Graham Reid | | 4 min read
The idea of a decade having a distinctive musical signature is a nonsense, obviously: the rock'n'roll Fifties didn't kick off until halfway through that decade; the Swinging Sixties lasted just a few years from 1965 then shivered itself to death in the face of the Manson murders and Altamont; the Seventies started with prog and hard rock and ended with disco and post-punk . . . and let's not get started about the shapeless Eighties.
So it would be crazy to think that the Nineties belonged only to grunge and hip-hop when Britney Spears and Ricky Martin, Sinead and various members of the Jackson family were out there alongside Vanilla Ice, Ice Cube and Snoop Dogg. To mention but a few of hundreds, if not thousands of musicians, whose sounds wrote themselves into our autobiographies.
In this country in the Nineties the sound of second generation Flying Nun (and some first generation holdovers) was certainly dominant but there was also the announcement from South Auckland (Proud), five-bands-for-five-bucks at the Powerstation, indie rock of all kinds and emerging electronica.
One band which never got the chance to write itself into your life and memories was Crash who had some success at student radio in Auckland (and on Max TV with their single Red Velvet Sofa).
They played the Mountain Rock festival and various small clubs around central Auckland (Pod, Bob Bar, the Gluepot's Vista Bar among them) but . . .
To backtrack: Crash were originally guitarist Mike Carden, bassist Sean Reid, drummer James Culham and singer Natasha Reid (now Natasha Taylor).
Their first gig was in '92 at the Dog and Trumpet (now The Dogs Bollix) sharing a bill with Dead Flowers.
They used the Warners' practice room, had line-up changes (Mike and Natasha the sole constants), opened for Australia's Ratcat, had a song in the movie The Ugly and with support from NZonAir and Failsafe Records worked on their singles, an EP . . . and then the album, with a $10,000 NZonAir grant, was in the offing.
So far so good.
By their account Crash were ready to sign to Warners for their debut album and had support within the company from David Rose in promotions and keen on the band.
But the company's headman James Southgate (now manager of Devilskin) saw the Feelers at a gig in Christchurch and signed them. Southgate tells Elsewhere he wasn't actually aware of Crash.
"I was the only person signing artists - I did not have anyone in A&R. It was possible David was talking to a band but he never brought any band to me for signing. So Crash were not overlooked and were not in the picture when I signed The Feelers."
Labels in the Nineties usually had only one rock band on their books and for Warners it would be the Feelers, although Southgate had his eye on Zed who he thought were fantastic and would be successful, but he still hadn't broken the Feelers.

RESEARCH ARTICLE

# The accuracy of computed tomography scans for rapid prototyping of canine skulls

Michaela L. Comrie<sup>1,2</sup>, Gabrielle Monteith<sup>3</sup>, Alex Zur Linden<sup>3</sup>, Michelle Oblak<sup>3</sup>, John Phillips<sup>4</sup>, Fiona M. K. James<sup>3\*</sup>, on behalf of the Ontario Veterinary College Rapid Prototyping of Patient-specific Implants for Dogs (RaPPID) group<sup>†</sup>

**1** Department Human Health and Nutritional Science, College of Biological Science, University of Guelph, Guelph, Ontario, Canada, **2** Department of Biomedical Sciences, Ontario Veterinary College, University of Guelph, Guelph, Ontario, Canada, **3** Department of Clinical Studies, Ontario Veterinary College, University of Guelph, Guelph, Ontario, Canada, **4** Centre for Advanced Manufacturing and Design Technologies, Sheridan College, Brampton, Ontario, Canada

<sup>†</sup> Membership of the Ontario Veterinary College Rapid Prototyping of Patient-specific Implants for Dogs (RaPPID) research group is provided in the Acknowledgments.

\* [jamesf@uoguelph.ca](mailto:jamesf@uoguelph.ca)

"I had the attitude '100% on each project' and if I could not guarantee that I did not sign anyone."
Zed found a home elsewhere but disappointed and deflated after years of slog, Crash called it quits.
And so the Crash debut album – a bristling, strong collection of hard-edged guitar-driven rock – was never released.
Nearly 25 years after it was recorded at Revolver (and some at Incubator) the 17 song album plus singles has been remastered by Failsafe's Rob Mayes and the CD edition comes in a gatefold sleeve with a booklet which includes the back-story and lyrics.
It's an impressive package and Crash deserve it.
Never part of the cool indie set at the time (like those five-bands at the Powerstation, with the exception of Push Push who had bFM connections through singer and radio host Mikey Havoc), they concentrated on discrete rock songs but also nudged themselves into different areas, like the slinky Song For A Boy with the late jazz keyboard player Murray McNabb.
Song For a Boy
Even on just a cursory listen to this collection you'd concede if the album had come out in 1999 as intended they would have had a career in the 2000s.
The moody opener Castrato is a strong slice of art rock (not too arty, more rock) inspired by Vivaldi; Cliff is brief, fiery gloom rock which segues into the Cure/Siouxsie/Penetration/Garbage avant-rock territory of Day At The Fair (“I feel as high as heaven”) and Red Velvet Sofa is explosive.
These were all pre-album singles which got some small traction but clearly deserved better.
Crash were musically ambitious and sometimes flew off into menacing metal (Knife), shifted towards funky hard rock (the riff-driven Eggs, Falling and Freaky Stuff with “pleasure me, don't measure me”) and progressive pop-rock (the radio-ready Geisha Girl).
But they could equally pull back for more restrained songs like the excellent Song For A Boy and Peach Fuzz (“cotton sheets silhouette me”) which maintains a quiet tension as it gently builds towards the end.
Lyrically Crash were quite something, almost poetically trippy (the dreamy Into the Sea), with references to the natural world, Adonis, mysterious worlds (Whirlpool) and psychic darkness (My Monster).
Grind Girl (“move your swinging hips into the sounds) is gritty pop-metal.
Crash were not destined to be in local rock's frontline or even in the forefront of many people's consciousness (I'm pretty sure I saw them a couple of times, once definitely at Pod).
But they certainly deserved better, if nothing else by having their album released and given a nudge by a major label. It had songs which should have made it to rock radio.
But here it is now on a typically well-packaged 17 song collection from Failsafe.
Even now you'd think there's plenty here for adventurous rock radio to get mileage out of.
You can hear and buy the Crash album at bandcamp here
For more on Failsafe Records and their reissues start here